2. A major part of luxury is individuality and being able to express your sense of identity. The people at Genesis repeatedly said that the brand and the G90 is human-centric, but the package options for this car are actually kind of limited. Part of that, and this is great, is because there are already so many standard features that you don’t have to pick and choose what you want to spend you money on, but styling the car has only a few choices. You can pick between a 3.3T Premium with the V6 or the 5.0 Ultimate with the V8, both with the two drive options. Beyond that, you get six colors (white, silver, gray, blue, brown, black) and two interiors (black with walnut wood or beige with gray ash) to pick from. That’s not a ton of room to really make the vehicle yours.

3. Although it’s always fantastic to aim for the highest possible achievement, there’s an inherent issue with the brand simply by how it’s launching. Genesis doesn’t want to be thought of as an extension of Hyundai, but it’s already carried over a car that was a Hyundai with the G80. Genesis says that the G90 and the rest of its cars should be compared to the Benzes and the Beamers, and they will, but a more natural comparison is with the likes of Acura, Lexus, and Infiniti, simply because they were all spawned by a mother company that makes lower-quality vehicles. Not to mention they’re starting by selling the cars out of Hyundai dealerships.

4. Price-wise, the more equal comparison for this vehicle is to the CT6 and the LS. But, Genesis calls those secondary tier competitors and really pushed that aiming for Benz and BMW is the main goal. But if you truly want to compete against the big brands, why not go full-out and make a car that leaves nothing to complain about. Spend what you need to spend and create a vehicle that is lovely to touch at every inch, even if it might cost another $5,000-$10,000. We realize the bargain aspect is certainly one way to draw customers in, but, especially for a first-impression launch, a little extra cost could go a long way.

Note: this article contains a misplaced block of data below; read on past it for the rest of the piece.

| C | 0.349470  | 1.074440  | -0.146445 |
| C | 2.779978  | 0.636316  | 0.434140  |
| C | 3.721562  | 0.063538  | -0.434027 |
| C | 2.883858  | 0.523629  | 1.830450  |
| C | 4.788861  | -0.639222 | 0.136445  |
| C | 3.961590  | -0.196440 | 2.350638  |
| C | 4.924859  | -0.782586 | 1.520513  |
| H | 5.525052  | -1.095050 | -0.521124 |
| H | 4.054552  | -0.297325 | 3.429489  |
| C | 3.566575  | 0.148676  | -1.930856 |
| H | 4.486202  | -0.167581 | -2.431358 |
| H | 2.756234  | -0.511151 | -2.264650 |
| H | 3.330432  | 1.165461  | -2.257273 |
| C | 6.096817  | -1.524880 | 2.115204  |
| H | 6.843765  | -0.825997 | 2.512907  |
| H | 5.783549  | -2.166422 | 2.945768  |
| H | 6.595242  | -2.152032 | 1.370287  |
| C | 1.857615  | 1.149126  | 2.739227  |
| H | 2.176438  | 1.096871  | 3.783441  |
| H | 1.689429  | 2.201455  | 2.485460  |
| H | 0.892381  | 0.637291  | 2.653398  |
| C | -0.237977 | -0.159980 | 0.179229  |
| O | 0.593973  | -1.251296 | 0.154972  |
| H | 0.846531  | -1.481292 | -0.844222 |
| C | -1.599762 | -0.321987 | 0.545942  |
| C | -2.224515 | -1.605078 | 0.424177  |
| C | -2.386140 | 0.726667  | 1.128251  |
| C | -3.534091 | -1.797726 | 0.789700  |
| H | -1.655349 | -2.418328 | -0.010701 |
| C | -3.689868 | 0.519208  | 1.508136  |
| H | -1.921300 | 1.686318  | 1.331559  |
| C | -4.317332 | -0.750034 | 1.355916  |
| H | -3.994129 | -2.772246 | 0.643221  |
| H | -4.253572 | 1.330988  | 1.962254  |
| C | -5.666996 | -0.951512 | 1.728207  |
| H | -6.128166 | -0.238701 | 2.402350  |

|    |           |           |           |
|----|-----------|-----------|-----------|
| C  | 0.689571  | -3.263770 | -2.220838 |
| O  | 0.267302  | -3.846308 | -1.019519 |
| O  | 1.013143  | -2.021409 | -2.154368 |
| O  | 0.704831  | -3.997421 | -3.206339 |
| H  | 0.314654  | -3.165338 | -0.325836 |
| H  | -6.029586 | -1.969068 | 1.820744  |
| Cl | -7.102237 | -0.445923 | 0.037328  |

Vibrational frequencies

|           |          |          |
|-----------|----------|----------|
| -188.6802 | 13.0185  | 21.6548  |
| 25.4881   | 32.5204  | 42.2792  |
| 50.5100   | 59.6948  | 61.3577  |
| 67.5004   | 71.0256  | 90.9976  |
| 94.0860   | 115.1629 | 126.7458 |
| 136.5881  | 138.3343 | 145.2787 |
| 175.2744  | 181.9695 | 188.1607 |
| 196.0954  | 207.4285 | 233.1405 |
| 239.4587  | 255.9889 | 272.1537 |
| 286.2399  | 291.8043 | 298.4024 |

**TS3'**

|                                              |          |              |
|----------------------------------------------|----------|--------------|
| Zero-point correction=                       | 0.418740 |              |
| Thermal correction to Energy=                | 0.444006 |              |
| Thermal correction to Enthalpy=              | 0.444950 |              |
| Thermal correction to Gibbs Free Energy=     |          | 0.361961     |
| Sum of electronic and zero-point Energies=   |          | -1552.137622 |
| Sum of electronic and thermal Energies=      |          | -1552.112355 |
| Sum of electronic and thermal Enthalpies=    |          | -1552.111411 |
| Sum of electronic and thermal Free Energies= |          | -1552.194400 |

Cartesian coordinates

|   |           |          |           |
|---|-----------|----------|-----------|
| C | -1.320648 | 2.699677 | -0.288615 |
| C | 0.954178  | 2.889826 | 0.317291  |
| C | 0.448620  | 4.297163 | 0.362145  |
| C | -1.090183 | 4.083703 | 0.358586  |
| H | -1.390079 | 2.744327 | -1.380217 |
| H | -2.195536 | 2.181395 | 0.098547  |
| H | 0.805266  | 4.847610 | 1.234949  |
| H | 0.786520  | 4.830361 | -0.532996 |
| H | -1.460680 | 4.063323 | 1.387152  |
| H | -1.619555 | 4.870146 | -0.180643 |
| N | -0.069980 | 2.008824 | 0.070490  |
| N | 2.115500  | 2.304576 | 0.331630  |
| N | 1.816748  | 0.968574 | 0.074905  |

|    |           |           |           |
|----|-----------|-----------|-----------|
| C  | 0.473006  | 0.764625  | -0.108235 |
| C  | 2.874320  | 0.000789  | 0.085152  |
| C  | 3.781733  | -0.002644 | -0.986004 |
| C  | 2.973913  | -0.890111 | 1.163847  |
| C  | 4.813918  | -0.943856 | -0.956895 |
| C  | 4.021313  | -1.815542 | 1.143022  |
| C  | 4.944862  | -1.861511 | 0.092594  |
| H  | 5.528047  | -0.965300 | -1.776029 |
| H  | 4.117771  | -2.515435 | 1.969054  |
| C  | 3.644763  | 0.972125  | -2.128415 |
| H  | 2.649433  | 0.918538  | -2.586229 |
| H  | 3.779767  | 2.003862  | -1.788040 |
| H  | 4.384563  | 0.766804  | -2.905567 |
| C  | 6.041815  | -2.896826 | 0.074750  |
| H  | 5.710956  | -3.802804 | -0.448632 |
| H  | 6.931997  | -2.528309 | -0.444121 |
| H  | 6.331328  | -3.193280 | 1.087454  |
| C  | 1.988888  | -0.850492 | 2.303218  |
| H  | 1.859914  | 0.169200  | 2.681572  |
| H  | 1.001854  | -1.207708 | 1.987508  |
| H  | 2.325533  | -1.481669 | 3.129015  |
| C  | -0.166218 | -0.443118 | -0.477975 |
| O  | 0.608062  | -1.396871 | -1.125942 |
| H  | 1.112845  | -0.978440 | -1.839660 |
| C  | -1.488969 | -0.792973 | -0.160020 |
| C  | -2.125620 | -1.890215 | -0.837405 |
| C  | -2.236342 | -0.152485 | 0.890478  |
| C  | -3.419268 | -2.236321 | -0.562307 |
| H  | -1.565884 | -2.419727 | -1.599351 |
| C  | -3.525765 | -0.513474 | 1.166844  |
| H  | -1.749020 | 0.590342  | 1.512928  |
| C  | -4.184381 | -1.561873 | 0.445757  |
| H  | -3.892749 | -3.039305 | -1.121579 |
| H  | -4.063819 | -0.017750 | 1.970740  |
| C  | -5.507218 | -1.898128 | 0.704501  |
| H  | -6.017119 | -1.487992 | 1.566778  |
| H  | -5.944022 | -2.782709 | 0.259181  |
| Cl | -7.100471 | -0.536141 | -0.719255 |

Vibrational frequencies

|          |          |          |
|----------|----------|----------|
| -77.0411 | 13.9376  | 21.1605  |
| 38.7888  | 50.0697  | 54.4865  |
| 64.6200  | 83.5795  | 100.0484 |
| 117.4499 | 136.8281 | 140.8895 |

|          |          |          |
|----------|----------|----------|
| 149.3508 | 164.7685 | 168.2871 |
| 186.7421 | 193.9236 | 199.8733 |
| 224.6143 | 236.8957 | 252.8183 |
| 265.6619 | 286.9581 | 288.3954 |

Future
Genesis plans to have six models in the lineup by 2021. As of now, the bloodline includes the G80 (mid-luxury sedan) and the G90 (large luxury sedan), but future model plans include the G70 (near-luxury sedan), a mid-luxury SUV, a near-luxury sport coupe, and a near-luxury SUV.

Bottom Line
Genesis knows that this is truly an incredible opportunity and one that rarely happens in the auto industry. There have been a select few impactful luxury brand launches in the past half-century. Audi launched in 1970, Acura came in 1986, Lexus and Infiniti came in 1989, Tesla (if you want to include them) originally debuted in 2004, and Genesis is here to make its mark in 2016.

The G90’s looks are as good as it gets in this segment and offer a pretty powerful presence. Both engine options are great, the extremely comfortable ride stays composed and doesn’t feel as large as the car is, and the interior is a lovely place to sit (front and rear), even if it has a few flaws. It’s a solid first effort with excellent backing in the G80. It won’t steal the luxury spotlight, but it’ll definitely swipe away customers from other brands. For the price, you won’t find a more feature-packed car, and it’s doubtful you’ll find a better overall experience.